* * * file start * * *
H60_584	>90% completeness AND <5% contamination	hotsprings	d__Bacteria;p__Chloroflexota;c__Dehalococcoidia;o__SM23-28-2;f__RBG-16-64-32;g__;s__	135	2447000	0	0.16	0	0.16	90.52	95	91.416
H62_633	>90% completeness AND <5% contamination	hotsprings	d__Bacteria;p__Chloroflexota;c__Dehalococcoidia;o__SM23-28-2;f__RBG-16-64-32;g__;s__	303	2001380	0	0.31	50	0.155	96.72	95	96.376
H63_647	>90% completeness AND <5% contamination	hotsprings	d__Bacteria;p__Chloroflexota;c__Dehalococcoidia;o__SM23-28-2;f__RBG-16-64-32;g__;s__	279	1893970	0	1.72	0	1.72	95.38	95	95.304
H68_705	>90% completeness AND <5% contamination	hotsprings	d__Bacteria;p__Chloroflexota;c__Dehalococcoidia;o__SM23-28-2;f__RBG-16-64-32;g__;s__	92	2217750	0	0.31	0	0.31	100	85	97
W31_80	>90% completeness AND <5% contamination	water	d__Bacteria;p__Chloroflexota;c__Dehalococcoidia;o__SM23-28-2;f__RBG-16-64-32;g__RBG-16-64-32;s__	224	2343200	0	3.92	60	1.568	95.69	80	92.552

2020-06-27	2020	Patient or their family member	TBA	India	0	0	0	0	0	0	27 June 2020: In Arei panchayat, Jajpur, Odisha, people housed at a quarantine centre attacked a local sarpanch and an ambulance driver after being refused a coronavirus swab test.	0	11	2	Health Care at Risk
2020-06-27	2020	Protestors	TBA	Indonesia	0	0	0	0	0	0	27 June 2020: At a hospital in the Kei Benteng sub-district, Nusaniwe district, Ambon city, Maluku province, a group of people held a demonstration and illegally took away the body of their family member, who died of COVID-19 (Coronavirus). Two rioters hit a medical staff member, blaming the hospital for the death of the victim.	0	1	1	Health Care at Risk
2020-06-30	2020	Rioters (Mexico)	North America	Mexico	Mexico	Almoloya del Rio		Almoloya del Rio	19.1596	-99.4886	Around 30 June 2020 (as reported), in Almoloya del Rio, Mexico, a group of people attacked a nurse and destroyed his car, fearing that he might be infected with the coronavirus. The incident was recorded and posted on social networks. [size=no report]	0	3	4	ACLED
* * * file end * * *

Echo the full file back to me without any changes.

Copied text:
H60_584	>90% completeness AND <5% contamination	hotsprings	d__Bacteria;p__Chloroflexota;c__Dehalococcoidia;o__SM23-28-2;f__RBG-16-64-32;g__;s__	135	2447000	0	0.16	0	0.16	90.52	95	91.416
H62_633	>90% completeness AND <5% contamination	hotsprings	d__Bacteria;p__Chloroflexota;c__Dehalococcoidia;o__SM23-28-2;f__RBG-16-64-32;g__;s__	303	2001380	0	0.31	50	0.155	96.72	95	96.376
H63_647	>90% completeness AND <5% contamination	hotsprings	d__Bacteria;p__Chloroflexota;c__Dehalococcoidia;o__SM23-28-2;f__RBG-16-64-32;g__;s__	279	1893970	0	1.72	0	1.72	95.38	95	95.304
H68_705	>90% completeness AND <5% contamination	hotsprings	d__Bacteria;p__Chloroflexota;c__Dehalococcoidia;o__SM23-28-2;f__RBG-16-64-32;g__;s__	92	2217750	0	0.31	0	0.31	100	85	97
W31_80	>90% completeness AND <5% contamination	water	d__Bacteria;p__Chloroflexota;c__Dehalococcoidia;o__SM23-28-2;f__RBG-16-64-32;g__RBG-16-64-32;s__	224	2343200	0	3.92	60	1.568	95.69	80	92.552

2020-06-27	2020	Patient or their family member	TBA	India	0	0	0	0	0	0	27 June 2020: In Arei panchayat, Jajpur, Odisha, people housed at a quarantine centre attacked a local sarpanch and an ambulance driver after being refused a coronavirus swab test.	0	11	2	Health Care at Risk
2020-06-27	2020	Protestors	TBA	Indonesia	0	0	0	0	0	0	27 June 2020: At a hospital in the Kei Benteng sub-district, Nusaniwe district, Ambon city, Maluku province, a group of people held a demonstration and illegally took away the body of their family member, who died of COVID-19 (Coronavirus). Two rioters hit a medical staff member, blaming the hospital for the death of the victim.	0	1	1	Health Care at Risk
2020-06-30	2020	Rioters (Mexico)	North America	Mexico	Mexico	Almoloya del Rio		Almoloya del Rio	19.1596	-99.4886	Around 30 June 2020 (as reported), in Almoloya del Rio, Mexico, a group of people attacked a nurse and destroyed his car, fearing that he might be infected with the coronavirus. The incident was recorded and posted on social networks. [size=no report]	0	3	4	ACLED